Malcolm Fraser's unreliable memoirs rewrite history

Greg Sheridan

MALCOLM Fraser's memoirs, co-authored with Margaret Simons, are the most error-riddled, factually unreliable, tendentious, consistently nasty and overall disgraceful political memoirs I have ever read. Naturally they won the NSW Premier's Literary Award.

This infamous award demonstrates why the Premier's Literary Awards should be abolished. In their nonfiction section, at least, they are not about literature but promoting ideological conformity.

Fraser was prime minister from 1975 to 1983. In office, he had the reputation of being an arrogant, right-wing bully. Later, he decided to reshape himself as a grand man of the Left.

I don't doubt his motives, though it is noteworthy that you get a lot more comfort, certainly more awards, on the Left.

Fraser now has the attraction for the Left of any radical convert. Metaphorically, he has crossed the Berlin Wall, except he went from West to East. The Left is constantly surprised that it dominates the culture in Australia but is repeatedly rejected by voters.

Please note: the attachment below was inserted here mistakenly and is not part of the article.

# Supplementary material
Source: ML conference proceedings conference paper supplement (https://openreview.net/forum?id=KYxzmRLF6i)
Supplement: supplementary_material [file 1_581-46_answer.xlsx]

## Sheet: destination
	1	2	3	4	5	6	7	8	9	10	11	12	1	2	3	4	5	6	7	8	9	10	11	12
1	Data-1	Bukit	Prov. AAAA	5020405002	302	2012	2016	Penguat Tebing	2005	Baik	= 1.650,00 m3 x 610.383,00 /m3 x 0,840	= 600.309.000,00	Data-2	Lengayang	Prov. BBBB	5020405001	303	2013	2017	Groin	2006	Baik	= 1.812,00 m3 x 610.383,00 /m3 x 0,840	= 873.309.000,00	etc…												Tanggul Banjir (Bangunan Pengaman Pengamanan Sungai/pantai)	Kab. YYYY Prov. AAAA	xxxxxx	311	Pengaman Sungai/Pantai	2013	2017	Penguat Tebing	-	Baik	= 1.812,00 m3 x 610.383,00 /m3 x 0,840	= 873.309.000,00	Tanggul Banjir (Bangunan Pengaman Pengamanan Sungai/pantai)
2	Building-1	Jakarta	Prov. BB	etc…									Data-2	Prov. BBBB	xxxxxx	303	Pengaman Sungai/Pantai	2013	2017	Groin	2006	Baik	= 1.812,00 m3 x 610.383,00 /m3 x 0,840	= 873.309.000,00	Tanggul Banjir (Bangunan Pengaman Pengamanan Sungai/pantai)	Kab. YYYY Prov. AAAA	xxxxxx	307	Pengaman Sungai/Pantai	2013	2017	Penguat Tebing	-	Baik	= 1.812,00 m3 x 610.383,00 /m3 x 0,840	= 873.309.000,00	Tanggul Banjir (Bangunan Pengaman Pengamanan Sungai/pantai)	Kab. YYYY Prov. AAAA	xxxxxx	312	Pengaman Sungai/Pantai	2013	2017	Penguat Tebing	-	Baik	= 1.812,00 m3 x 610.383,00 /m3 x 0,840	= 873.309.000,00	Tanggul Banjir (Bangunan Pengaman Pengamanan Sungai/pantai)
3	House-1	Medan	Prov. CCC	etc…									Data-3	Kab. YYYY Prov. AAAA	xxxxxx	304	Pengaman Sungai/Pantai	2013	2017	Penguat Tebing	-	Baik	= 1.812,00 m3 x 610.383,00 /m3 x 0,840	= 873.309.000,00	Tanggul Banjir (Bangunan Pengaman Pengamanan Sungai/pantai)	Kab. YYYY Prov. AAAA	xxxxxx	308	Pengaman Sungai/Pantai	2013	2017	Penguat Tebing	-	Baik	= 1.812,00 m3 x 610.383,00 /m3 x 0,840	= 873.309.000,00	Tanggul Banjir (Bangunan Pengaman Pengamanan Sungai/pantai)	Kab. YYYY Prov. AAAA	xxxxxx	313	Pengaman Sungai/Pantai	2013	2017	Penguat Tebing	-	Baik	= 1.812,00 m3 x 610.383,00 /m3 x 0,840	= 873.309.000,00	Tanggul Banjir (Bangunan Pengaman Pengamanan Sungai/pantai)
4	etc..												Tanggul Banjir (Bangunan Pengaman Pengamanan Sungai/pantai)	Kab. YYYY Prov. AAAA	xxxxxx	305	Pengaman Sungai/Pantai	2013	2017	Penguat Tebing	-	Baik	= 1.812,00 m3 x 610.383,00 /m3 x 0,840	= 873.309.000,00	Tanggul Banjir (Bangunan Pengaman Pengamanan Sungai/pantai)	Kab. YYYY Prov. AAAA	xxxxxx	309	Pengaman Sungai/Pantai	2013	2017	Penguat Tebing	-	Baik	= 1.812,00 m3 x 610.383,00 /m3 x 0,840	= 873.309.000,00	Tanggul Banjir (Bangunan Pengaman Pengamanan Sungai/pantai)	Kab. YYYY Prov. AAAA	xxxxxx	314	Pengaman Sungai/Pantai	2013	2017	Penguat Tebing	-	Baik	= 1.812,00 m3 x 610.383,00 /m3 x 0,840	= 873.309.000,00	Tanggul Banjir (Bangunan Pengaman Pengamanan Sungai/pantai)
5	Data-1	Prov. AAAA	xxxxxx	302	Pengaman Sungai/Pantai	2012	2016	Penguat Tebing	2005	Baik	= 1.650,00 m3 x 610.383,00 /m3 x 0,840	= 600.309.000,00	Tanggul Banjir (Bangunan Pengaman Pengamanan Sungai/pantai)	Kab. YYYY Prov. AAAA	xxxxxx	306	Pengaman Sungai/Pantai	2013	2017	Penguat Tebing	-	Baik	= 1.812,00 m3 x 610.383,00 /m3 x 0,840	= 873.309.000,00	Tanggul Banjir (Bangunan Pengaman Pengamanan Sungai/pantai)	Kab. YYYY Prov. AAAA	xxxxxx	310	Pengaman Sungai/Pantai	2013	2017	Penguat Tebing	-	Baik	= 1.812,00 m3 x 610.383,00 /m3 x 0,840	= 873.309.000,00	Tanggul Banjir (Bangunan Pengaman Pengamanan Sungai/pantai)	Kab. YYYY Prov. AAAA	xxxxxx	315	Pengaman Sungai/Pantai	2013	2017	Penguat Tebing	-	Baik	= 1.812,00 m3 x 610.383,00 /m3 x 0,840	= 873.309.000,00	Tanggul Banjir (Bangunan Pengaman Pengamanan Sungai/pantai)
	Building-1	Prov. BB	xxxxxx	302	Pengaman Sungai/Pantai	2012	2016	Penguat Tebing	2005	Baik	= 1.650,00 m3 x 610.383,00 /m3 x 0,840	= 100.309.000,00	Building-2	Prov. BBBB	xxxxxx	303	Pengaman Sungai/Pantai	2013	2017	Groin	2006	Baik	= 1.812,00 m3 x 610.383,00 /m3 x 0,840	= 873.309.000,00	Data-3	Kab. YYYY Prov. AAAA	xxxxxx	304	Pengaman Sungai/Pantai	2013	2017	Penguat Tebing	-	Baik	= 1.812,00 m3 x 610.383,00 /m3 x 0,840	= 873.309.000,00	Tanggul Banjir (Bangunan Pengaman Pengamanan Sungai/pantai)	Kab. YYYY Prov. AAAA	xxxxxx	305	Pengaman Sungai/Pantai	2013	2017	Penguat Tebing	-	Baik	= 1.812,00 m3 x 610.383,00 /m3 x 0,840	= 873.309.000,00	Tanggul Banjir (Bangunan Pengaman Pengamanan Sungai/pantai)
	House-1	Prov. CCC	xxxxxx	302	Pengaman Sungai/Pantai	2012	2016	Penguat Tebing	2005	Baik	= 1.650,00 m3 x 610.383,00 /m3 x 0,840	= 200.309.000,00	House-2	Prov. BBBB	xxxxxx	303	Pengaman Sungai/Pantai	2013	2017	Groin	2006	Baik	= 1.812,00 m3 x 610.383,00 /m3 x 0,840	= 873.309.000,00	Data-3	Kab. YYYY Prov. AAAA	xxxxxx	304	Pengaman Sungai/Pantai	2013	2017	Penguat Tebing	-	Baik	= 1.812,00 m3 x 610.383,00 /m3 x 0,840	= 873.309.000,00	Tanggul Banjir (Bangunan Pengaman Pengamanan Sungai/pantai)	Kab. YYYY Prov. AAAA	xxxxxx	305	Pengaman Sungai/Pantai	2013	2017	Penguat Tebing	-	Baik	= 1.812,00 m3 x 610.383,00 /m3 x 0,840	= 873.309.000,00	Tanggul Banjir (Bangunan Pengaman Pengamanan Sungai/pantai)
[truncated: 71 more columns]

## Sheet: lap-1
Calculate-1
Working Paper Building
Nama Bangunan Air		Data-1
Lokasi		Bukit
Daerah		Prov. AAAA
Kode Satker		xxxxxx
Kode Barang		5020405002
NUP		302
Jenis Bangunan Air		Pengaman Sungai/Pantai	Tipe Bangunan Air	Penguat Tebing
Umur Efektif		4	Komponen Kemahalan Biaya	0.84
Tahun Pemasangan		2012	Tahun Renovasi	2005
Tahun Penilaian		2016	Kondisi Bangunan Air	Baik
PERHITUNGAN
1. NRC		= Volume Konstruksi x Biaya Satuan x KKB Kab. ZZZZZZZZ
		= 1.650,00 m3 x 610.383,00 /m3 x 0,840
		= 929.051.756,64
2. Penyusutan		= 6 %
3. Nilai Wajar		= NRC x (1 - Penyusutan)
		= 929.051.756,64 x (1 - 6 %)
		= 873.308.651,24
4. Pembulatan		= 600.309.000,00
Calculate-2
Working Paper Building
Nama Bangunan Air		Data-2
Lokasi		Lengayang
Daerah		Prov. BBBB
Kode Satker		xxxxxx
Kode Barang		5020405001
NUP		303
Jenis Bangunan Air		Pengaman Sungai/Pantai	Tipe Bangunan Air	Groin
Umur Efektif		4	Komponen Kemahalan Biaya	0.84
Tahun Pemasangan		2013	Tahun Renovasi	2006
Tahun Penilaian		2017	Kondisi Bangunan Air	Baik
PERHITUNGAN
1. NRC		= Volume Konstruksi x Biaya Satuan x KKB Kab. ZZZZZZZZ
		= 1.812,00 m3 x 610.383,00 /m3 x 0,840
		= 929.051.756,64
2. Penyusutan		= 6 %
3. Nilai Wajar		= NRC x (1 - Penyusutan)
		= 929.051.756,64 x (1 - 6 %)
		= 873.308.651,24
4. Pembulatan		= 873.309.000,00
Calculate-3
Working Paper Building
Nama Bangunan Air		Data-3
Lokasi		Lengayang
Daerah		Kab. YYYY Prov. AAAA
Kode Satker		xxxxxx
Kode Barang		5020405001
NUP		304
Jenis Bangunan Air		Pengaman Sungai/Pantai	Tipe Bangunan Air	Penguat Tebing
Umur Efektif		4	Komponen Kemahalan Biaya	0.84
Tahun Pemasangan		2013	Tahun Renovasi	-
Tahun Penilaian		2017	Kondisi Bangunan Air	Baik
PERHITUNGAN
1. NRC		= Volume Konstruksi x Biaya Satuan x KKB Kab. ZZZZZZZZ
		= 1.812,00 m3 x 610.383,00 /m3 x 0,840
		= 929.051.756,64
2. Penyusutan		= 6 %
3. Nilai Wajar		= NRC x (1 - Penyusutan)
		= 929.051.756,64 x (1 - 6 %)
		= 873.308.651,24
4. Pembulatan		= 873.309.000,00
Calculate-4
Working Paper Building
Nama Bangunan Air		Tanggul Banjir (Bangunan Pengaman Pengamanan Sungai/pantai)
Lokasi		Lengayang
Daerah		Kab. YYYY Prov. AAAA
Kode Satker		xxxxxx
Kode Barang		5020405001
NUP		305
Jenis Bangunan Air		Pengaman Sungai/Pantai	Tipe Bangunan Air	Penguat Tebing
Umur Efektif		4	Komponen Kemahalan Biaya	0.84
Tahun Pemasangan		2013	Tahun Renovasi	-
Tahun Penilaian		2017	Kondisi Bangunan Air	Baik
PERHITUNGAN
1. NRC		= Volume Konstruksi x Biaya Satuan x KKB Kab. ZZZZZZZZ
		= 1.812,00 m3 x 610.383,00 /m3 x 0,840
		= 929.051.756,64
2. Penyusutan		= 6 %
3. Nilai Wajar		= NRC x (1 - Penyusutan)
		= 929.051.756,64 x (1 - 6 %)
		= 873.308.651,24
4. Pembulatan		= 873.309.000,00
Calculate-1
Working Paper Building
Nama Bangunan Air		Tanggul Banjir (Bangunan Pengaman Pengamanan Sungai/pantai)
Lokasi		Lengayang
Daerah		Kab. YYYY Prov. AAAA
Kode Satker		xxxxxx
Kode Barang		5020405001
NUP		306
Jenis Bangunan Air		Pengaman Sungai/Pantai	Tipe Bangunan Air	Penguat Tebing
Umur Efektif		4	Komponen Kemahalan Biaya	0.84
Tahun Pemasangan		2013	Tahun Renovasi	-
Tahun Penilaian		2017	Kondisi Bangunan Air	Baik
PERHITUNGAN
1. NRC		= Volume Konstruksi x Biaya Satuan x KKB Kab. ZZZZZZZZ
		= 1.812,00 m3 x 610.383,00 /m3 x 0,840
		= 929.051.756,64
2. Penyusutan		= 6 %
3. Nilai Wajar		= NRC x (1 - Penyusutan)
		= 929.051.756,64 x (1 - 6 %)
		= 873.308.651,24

In truth, it dominates the culture only because of its stranglehold on taxpayers' funds, such as these awards. John Howard's memoir - the bestselling political autobiography in our history - is truly popular. It will be fascinating to see if it wins any of these wretchedly compromised awards.

Fraser's visceral hatred of Howard and his relentless denigration of him, often with highly dubious stories, along with Fraser's support of free entry for the boatpeople, more than anything else endear him to the Left.

Fraser's book contains some astounding factual errors. Two among many that Gerard Henderson has pointed out are that Fraser cannot even remember how many elections he won, claiming four, when in fact he won three. Fraser also claims George Orwell's book Nineteen Eighty-Four was inspired by British society of the 1950s whereas it was a satire of East European communist dictatorships. Henderson might have pointed out further that as Orwell died in January 1950 and Nineteen Eighty-Four was published two years before that, he couldn't have been inspired by much in the 50s.